Sublime Text packages: working in 2 and 3

I maintain the Git package for Sublime Text. It’s popular, which is kind of fun and also occasionally stressful. I recently did a major refactor of it, and want to share a few tips.

I needed to refactor it because, back when the Sublime Text 3 beta came out, I had made a branch of the git package to work with ST3, and was thus essentially maintaining two versions of the package, one for each major Sublime version. This was problematic, because all new features needed to be implemented twice, and wound up hurting my motivation to work on things.

Why did I feel the need to branch the package? Well…

The Problem

Sublime Text is currently suffering from a version problem. There’s the official version, Sublime Text 2, and the easily available beta version, Sublime Text 3. They’re both in widespread use. This division has ground on for around three years now, and is a pain to deal with.

It’s annoying, as a plugin developer, because of a few crucial differences:

Sublime Text 2:

  • Uses Python 2.7.
  • Puts all package contents into a shared namespace.

Sublime Text 3:

  • Uses Python 3.3.
  • Puts all package contents into a module named for the package.
  • Has some new APIs, removes some old APIs.

…yes, the Sublime Text 2 / 3 situation is an annoyingly close parallel to the general Python 2 / 3 situation that is itself a subset of the Sublime problem. I prefer less irony in my life.

Python

What changed in Python 3 is a pretty well-covered topic, which I’m not going to go into here.

Suffice it to say that the changes are good, but introduce some incompatibilities which need code to be carefully written if it wants to run on both versions.

Imports

If your plugin is of any size at all, you probably have multiple files because separation of code into manageable modules is good. Unfortunately, the differing way that packages are treated in ST2 vs ST3 makes referring to these files difficult.

In Sublime Text 2, all files in packages are in a great big “sublime” namespace. Any package can import modules from any other package, perhaps accidentally.

For instance, in ST2…

…gets us the Default.comment module, which provides the built-in “toggle comment on a line” functionality. Unless some other package has a comment.py, in which case who what we’ll get becomes order-of-execution dependent.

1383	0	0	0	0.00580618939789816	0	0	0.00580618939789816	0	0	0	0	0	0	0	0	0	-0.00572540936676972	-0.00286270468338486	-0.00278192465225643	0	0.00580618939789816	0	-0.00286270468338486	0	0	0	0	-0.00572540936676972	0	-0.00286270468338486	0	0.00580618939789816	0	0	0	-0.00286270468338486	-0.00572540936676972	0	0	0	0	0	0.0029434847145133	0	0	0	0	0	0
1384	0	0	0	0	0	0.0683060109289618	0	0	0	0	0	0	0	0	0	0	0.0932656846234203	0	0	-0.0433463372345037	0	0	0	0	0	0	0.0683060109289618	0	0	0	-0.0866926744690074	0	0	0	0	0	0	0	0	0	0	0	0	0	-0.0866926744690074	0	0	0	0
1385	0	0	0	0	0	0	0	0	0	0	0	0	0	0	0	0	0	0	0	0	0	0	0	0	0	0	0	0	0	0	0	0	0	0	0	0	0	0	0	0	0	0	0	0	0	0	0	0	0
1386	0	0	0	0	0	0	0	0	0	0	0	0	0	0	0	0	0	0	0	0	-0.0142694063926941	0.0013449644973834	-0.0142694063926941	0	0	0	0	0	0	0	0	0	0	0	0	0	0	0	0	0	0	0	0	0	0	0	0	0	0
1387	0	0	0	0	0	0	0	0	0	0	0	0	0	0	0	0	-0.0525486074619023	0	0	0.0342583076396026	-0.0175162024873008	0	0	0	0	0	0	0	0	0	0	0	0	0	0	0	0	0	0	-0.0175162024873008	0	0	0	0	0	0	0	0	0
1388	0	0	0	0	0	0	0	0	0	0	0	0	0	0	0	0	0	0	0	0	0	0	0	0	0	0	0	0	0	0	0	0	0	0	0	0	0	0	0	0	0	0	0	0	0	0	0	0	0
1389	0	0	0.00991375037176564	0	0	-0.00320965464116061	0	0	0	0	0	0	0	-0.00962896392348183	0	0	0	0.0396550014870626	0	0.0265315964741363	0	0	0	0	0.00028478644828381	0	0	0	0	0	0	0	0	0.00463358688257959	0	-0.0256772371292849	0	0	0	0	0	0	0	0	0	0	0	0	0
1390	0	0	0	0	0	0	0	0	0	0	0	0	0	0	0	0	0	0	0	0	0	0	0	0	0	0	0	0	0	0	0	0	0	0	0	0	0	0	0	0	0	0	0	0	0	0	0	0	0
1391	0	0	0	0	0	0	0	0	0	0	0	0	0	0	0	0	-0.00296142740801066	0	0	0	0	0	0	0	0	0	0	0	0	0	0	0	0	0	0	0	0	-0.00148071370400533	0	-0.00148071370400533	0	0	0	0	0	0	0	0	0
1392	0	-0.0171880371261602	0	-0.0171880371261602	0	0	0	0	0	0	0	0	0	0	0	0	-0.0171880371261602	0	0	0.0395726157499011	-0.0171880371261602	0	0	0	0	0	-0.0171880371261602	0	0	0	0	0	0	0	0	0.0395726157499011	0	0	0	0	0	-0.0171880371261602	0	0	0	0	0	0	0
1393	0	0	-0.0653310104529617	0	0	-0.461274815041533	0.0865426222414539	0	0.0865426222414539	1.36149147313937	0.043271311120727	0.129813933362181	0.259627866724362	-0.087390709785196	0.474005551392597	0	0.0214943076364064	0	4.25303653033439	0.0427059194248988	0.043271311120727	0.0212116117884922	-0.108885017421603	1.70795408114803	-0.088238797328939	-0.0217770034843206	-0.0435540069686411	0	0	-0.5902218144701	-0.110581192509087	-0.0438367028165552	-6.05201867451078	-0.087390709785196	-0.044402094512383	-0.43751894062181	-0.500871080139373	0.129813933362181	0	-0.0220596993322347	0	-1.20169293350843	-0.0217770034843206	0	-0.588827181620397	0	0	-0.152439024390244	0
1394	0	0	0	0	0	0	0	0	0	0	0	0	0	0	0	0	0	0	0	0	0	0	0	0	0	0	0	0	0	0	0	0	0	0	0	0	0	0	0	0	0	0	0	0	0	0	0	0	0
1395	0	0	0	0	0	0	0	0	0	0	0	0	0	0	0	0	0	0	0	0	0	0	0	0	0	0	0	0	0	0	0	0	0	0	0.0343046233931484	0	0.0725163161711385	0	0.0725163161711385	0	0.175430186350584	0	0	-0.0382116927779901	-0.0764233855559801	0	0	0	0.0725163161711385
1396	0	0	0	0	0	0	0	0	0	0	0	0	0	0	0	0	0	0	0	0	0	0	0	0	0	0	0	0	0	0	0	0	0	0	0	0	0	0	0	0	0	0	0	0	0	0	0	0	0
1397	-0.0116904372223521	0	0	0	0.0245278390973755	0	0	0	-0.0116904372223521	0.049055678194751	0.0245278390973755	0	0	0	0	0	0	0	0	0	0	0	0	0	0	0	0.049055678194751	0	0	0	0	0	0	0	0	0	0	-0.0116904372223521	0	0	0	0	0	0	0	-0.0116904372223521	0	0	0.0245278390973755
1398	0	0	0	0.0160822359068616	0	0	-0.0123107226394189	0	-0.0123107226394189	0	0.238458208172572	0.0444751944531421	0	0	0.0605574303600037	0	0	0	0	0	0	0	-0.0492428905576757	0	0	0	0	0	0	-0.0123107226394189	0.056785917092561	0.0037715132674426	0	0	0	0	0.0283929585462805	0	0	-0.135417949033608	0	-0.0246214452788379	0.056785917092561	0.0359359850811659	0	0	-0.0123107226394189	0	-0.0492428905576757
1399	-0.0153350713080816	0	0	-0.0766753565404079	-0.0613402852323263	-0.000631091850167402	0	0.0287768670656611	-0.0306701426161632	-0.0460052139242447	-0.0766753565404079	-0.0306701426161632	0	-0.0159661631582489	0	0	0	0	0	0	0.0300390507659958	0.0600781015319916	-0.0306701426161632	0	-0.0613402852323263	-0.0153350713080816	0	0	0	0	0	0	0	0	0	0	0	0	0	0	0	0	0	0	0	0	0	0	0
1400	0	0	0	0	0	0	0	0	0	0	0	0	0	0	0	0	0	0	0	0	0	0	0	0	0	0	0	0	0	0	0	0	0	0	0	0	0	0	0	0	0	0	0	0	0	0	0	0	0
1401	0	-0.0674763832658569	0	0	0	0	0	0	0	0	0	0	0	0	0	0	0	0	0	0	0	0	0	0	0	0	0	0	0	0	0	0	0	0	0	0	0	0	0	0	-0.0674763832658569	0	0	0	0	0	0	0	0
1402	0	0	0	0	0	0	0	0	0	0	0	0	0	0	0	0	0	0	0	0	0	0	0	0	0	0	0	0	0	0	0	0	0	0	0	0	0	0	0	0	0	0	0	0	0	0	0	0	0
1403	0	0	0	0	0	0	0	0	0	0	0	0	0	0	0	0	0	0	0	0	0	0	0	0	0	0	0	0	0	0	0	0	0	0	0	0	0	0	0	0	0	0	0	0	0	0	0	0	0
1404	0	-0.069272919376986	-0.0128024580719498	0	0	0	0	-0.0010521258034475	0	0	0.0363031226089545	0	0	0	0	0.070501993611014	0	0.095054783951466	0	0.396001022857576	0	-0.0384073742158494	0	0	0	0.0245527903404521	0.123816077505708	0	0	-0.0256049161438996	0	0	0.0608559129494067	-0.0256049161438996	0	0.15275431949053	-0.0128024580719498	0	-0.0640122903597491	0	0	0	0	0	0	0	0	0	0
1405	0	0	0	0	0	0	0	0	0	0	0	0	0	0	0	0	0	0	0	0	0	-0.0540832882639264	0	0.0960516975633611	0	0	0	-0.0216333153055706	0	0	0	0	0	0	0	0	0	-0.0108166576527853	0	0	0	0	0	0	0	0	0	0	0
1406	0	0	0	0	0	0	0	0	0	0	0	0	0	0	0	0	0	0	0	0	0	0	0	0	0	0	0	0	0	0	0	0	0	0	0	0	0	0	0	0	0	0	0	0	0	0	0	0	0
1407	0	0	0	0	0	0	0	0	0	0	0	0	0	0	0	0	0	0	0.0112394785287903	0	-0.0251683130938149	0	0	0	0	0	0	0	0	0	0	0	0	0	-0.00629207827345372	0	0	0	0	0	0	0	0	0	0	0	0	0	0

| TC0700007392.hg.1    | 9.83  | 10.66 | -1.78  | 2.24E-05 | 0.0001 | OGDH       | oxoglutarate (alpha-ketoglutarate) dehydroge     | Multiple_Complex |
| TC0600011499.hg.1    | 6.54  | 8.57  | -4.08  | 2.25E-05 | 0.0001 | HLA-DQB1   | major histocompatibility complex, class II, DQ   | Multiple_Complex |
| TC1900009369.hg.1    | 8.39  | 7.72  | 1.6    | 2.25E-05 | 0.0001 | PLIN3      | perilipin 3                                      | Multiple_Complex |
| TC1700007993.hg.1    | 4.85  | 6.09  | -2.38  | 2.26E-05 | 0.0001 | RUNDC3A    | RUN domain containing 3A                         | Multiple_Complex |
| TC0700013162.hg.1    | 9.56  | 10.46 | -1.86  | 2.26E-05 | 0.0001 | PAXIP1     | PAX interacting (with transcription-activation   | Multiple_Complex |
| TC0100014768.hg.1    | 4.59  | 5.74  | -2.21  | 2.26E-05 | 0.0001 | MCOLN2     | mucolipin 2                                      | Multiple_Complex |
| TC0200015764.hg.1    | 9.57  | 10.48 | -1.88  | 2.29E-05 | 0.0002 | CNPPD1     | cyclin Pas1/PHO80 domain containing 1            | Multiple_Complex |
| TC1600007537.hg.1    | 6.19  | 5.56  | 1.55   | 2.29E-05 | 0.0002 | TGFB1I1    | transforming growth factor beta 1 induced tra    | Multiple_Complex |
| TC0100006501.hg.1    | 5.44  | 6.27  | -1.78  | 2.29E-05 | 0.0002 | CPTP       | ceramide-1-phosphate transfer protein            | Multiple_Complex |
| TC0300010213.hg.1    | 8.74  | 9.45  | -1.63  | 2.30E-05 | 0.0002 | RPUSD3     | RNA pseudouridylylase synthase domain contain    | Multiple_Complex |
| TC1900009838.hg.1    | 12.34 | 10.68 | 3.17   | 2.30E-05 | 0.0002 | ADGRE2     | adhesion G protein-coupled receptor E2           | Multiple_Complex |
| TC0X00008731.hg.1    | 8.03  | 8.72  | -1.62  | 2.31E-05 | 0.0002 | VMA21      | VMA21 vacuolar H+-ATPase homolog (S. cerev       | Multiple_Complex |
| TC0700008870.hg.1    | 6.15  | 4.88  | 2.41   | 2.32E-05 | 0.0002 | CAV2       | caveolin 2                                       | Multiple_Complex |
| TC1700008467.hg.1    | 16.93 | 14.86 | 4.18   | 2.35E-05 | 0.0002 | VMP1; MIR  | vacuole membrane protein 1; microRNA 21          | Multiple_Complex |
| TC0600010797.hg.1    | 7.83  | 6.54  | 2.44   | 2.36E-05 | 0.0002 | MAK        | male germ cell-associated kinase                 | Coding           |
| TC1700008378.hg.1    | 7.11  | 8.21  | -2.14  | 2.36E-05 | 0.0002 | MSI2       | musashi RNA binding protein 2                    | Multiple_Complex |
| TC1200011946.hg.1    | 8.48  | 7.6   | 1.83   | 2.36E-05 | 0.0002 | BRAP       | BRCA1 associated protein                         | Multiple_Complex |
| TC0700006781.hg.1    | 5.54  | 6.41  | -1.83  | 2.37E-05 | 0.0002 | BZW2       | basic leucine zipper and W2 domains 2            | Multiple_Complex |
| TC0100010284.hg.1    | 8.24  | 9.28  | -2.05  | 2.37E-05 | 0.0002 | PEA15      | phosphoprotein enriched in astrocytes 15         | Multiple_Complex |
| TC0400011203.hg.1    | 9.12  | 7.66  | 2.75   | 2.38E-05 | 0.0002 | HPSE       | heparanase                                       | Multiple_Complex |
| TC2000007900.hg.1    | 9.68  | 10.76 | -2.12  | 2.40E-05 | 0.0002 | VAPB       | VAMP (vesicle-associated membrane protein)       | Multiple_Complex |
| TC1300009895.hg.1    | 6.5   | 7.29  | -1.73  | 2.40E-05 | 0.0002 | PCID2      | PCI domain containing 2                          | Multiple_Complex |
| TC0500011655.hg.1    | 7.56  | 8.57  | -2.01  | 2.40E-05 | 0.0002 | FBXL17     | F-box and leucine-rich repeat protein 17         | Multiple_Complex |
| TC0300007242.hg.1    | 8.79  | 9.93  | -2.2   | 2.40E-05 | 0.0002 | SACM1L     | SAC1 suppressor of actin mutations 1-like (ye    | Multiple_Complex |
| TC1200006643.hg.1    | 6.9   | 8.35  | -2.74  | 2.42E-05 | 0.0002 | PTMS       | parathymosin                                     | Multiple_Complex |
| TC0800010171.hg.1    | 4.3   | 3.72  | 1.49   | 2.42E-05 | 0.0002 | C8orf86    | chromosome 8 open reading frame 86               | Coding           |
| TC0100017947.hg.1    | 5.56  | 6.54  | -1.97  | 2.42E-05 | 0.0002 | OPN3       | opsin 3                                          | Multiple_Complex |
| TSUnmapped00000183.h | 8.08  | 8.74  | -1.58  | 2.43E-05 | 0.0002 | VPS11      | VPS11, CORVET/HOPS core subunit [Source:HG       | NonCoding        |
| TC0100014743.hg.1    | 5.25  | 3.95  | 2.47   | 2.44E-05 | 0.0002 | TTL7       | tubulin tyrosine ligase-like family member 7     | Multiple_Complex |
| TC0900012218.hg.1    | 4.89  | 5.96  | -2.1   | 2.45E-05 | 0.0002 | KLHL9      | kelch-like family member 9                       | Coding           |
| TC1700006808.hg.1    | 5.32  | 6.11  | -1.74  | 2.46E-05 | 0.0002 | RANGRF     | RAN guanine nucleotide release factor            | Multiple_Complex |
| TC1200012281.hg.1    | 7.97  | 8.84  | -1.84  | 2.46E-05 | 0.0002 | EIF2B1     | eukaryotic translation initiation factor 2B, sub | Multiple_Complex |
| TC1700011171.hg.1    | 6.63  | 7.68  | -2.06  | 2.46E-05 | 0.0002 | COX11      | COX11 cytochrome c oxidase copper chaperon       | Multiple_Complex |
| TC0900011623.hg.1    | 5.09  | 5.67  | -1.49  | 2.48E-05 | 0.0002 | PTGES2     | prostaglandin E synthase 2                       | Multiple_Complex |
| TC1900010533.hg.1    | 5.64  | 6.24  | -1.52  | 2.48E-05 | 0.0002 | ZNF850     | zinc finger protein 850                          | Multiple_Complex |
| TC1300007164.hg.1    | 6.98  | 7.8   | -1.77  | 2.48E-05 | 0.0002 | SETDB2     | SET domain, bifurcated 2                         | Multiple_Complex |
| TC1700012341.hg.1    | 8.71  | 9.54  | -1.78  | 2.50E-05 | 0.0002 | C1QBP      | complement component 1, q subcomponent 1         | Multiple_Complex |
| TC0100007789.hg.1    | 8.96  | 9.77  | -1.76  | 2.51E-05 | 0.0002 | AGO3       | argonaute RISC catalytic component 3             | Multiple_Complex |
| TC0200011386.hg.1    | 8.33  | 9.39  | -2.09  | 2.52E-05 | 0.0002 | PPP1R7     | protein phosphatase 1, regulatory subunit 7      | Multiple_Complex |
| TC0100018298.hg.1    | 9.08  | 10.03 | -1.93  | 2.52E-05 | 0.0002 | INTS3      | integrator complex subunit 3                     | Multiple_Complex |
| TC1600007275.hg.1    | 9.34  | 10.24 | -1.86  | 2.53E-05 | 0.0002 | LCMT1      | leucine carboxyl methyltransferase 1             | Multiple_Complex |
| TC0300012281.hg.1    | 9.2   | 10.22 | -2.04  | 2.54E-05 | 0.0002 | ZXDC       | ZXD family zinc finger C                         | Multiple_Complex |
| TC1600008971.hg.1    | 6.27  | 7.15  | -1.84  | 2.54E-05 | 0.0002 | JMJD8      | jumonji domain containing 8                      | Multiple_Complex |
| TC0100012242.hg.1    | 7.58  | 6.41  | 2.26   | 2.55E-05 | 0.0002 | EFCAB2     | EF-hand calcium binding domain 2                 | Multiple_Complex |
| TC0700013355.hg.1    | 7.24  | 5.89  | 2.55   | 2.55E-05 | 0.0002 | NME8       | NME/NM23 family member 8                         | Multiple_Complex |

Note the fun side-effect of this: if any package has a file which shares a name with anything in the standard library, it’ll “shadow” that and any other package which then tries to use that part of the standard library will break.

Because of these drawbacks, Sublime Text 3 made the very sensible decision to make every package its own module. That is, to get that comment module, we need to do:

This is better, and makes it harder to accidentally break other packages via your own naming conventions. However, it does cause compatibility problems in two situations:

  1. You want to access another package
  2. You want to use relative imports to access files in your own package

The latter case, this is something which behaves differently depending on whether you’re inside a module or not.

Editing text

In Sublime Text 2 you had to call edit = view.begin_edit(...) and view.end_edit(edit) to group changes you were making to text, so that undo/redo would bundle them together properly.

In Sublime Text 3, these were removed, and any change to text needs to be a sublime_plugin.TextCommand which will handle the edit-grouping itself without involving you.

The Solution (sort of)

If you want to write a plugin that works on both versions, you have to write Python that runs on 2 and 3, and has to play very carefully around relative imports.

Python 2 / 3

A good first step here is to stick this at the top of all your Python files:

This gets Python 2 and 3 mostly on the same page; you can largely just write for Python 3 and expect it to work in Python 2. There’s still some differences to be aware of, mostly in areas where the standard library was renamed, or when you’re dealing with points where the difference between bytes and str actually matters. But these are workable-around.

For standard library reshuffling, checking exceptions works:

If your package relies on something which changed more deeply, more extensive branching might be required.

Imports

If you want to access another module, as above, this is a sensible enough place to just check for exceptions.

You could check for the version of Sublime, of course, but the duck-typing approach here seems more Pythonic to me.

When accessing your own files, what made sense to me was to make it consistent by moving your files into a submodule, which means that the “importing a file in the same module” case is all you ever have to think about.

Thus: move everything into a subdirectory, and make sure there’s an __init__.py within it.

There’s one drawback here, which is that Sublime only notices commands that are in top-level package files. You can work around this with a my_package_commands.py file, or similar, which just imports your commands from the submodule: